Transitioning from LIBOR to SOFRDecember 4, 2020
Please Note: New variable rate ELFI loans applied for after 7:00 PM EST on January 7, 2022, will use the Prime Rate of Interest appearing in the Money Market section of the Wall Street Journal (WSJ) as the benchmark rate index. Borrowers who have an existing variable rate ELFI loan(s) that use the London Interbank Offered Rate (LIBOR) as the benchmark rate index will continue to have LIBOR as the benchmark rate index on their loans. ELFI will notify borrowers with existing variable rate loans originated prior to 7:00 PM EST on January 7, 2022, of the expected change from LIBOR to an alternative benchmark rate index in the future.
When you take out a student loan, you’ll receive an interest rate. The interest you pay is essentially an additional fee for borrowing the money. The interest rate you’ll receive from a loan provider is a benchmark standard rate plus any additional margin set by the lender. The additional margin is based on your credit history and score, among other factors. The better your credit history, the lower the margin, and the less interest you will pay.
Previously, the benchmark rate lenders used to set interest rates was LIBOR, or the London Interbank Offered Rate. LIBOR is the estimated rate at which international banks lend to each other for short-term loans. LIBOR, however, is being phased out through 2021 due to accuracy concerns.
Originally, the LIBOR rate was based on estimates for the types of transactions that occurred often. Now, however, those types of transactions are less frequent, so it’s more difficult to ascertain the most accurate rate. Beginning in 2021, the new rate will be the Secured Overnight Financing Rate, or SOFR.
SOFR is a benchmark interest rate based on the overnight borrowing costs of banks. The rate is determined based on the previous night’s activity of the Treasury repurchase market.
SOFR v. LIBOR
Now that you understand the reason for the transition from LIBOR to SOFR, let’s look at the differences between the two.
Actual v. Estimate
LIBOR rates are estimates of the rate for borrowing and thus are not based on the costs of actual transactions. London-based banks submit estimates of the interest rates that other banks charge them, then calculate the average to determine the LIBOR rate. The SOFR is based on actual transactions, so it may be more reliable.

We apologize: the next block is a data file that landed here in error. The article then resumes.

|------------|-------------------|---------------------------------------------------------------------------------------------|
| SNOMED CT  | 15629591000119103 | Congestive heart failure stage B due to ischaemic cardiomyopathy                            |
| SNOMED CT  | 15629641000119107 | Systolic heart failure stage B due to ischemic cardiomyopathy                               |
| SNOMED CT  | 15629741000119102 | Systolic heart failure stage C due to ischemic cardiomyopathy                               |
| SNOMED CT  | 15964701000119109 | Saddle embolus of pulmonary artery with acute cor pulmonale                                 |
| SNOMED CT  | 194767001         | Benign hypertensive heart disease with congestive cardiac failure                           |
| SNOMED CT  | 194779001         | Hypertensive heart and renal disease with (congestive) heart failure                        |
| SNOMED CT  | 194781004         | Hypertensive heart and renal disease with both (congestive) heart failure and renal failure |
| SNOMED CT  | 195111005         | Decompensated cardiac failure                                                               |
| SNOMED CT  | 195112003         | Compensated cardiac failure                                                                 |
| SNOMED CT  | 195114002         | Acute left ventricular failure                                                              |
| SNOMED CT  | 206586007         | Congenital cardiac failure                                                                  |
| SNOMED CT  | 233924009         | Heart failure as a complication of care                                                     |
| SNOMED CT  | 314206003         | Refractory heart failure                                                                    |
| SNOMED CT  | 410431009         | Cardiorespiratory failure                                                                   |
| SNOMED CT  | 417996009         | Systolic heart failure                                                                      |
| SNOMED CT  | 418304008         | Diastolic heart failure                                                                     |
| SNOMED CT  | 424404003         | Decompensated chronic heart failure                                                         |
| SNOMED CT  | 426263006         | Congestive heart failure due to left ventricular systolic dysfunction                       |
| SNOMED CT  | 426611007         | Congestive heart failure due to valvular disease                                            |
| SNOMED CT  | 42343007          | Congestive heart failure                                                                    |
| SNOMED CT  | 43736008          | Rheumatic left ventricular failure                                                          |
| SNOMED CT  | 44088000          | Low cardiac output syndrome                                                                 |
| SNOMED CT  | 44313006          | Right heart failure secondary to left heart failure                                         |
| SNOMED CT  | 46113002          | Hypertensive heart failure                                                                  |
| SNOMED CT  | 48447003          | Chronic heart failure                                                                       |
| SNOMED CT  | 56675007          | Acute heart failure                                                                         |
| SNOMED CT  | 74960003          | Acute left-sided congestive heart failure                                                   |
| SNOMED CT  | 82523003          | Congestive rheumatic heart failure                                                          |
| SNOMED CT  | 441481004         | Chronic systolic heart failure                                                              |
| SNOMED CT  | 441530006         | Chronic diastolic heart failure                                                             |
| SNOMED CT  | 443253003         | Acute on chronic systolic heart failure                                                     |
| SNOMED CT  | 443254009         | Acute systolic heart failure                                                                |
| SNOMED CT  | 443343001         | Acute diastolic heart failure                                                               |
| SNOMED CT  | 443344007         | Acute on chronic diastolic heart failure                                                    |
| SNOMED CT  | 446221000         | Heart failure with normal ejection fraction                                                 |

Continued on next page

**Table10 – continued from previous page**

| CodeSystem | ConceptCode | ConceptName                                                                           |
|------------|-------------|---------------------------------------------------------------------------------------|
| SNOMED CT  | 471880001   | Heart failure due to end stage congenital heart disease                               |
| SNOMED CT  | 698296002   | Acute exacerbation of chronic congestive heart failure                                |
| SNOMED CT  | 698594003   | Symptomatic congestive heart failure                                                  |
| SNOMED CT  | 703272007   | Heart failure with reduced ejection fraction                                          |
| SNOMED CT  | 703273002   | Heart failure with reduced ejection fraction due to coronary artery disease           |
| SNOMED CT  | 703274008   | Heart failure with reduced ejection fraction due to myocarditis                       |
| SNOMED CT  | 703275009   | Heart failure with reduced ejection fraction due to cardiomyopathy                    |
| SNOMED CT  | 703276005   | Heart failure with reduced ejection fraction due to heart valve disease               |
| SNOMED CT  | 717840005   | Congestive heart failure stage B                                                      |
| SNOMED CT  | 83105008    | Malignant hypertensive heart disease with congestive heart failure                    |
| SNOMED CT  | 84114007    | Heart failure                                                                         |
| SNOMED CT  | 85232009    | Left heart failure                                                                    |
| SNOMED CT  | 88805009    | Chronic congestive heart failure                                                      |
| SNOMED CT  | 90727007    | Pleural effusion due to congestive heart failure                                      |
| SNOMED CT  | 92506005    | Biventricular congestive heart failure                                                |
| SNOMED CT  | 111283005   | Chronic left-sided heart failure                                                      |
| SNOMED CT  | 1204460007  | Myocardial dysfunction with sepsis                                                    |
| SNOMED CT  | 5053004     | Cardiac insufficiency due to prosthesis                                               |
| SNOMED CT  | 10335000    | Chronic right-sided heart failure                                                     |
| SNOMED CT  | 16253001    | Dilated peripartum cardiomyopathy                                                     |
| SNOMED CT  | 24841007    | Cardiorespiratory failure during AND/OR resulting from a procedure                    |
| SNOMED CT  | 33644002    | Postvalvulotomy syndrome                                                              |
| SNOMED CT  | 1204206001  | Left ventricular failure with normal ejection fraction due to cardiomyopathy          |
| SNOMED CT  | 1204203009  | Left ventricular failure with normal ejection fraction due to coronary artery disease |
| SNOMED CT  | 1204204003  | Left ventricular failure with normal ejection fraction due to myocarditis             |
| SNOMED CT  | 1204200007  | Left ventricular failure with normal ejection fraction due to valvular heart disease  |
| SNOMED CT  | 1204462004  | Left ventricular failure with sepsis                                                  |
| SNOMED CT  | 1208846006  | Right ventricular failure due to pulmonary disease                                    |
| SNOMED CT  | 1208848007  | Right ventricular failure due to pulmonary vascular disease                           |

SOFR is simply a daily rate since it is calculated every day based on overnight data. LIBOR has seven different terms, with rates changing at varying frequencies.
Many experts believe that SOFR is lower-risk because the model is based on actual transactions using Treasuries. LIBOR has more inherent risk because it is based on estimates rather than real transactions.
LIBOR and SOFR are not the only rate models. Many different interest rate models are used around the world.
- SONIA – Sterling Overnight Index Average (SONIA) is the benchmark published by the Bank of England. This rate is based on the average of the overnight interest rates of unsecured transactions.
- Eonia – Euro Overnight Index Average (Eonia) is the overnight interest rate that banks lend to one another in Euros. This model will be phased out by 2022 and replaced with ESTER.
- ESTER – Euro Short Term Rate (ESTER) is an overnight interest rate of the average of wholesale rates in Europe. It will average more banks than Eonia and therefore is supposed to be a more accurate representation of interest rates.
- Euribor – the Euro Interbank Offer Rate is a daily rate based on the average interest rates that banks in the European Union offer to other banks for unsecured funds.
- EIBOR – the Emirates Interbank Offered Rate is the benchmark interest rate used by banks in the United Arab Emirates (UAE). It is a daily rate based on the averages of interest rates used by banks lending to one another in the UAE.
How Does The Transition From LIBOR to SOFR Affect You?
If you have a variable interest rate on a private student loan and your loan contract references the LIBOR rate, you should pay attention to your loan to monitor whether the interest rate has changed. If you find yourself with a higher interest rate after the LIBOR to SOFR transition, you may want to consider refinancing your student loans.
Student loan refinancing enables you to receive a new, and often lower, interest rate based on your credit score, credit history and employment. When you refinance with a reputable student lender, you can choose a loan with a fixed interest rate instead of a variable rate if you do not want to be subject to interest rate changes.
It’s important to check with your lender about how the LIBOR to SOFR transition may affect your student loans. Then you will be able to make an informed decision regarding your loans once the transition is complete.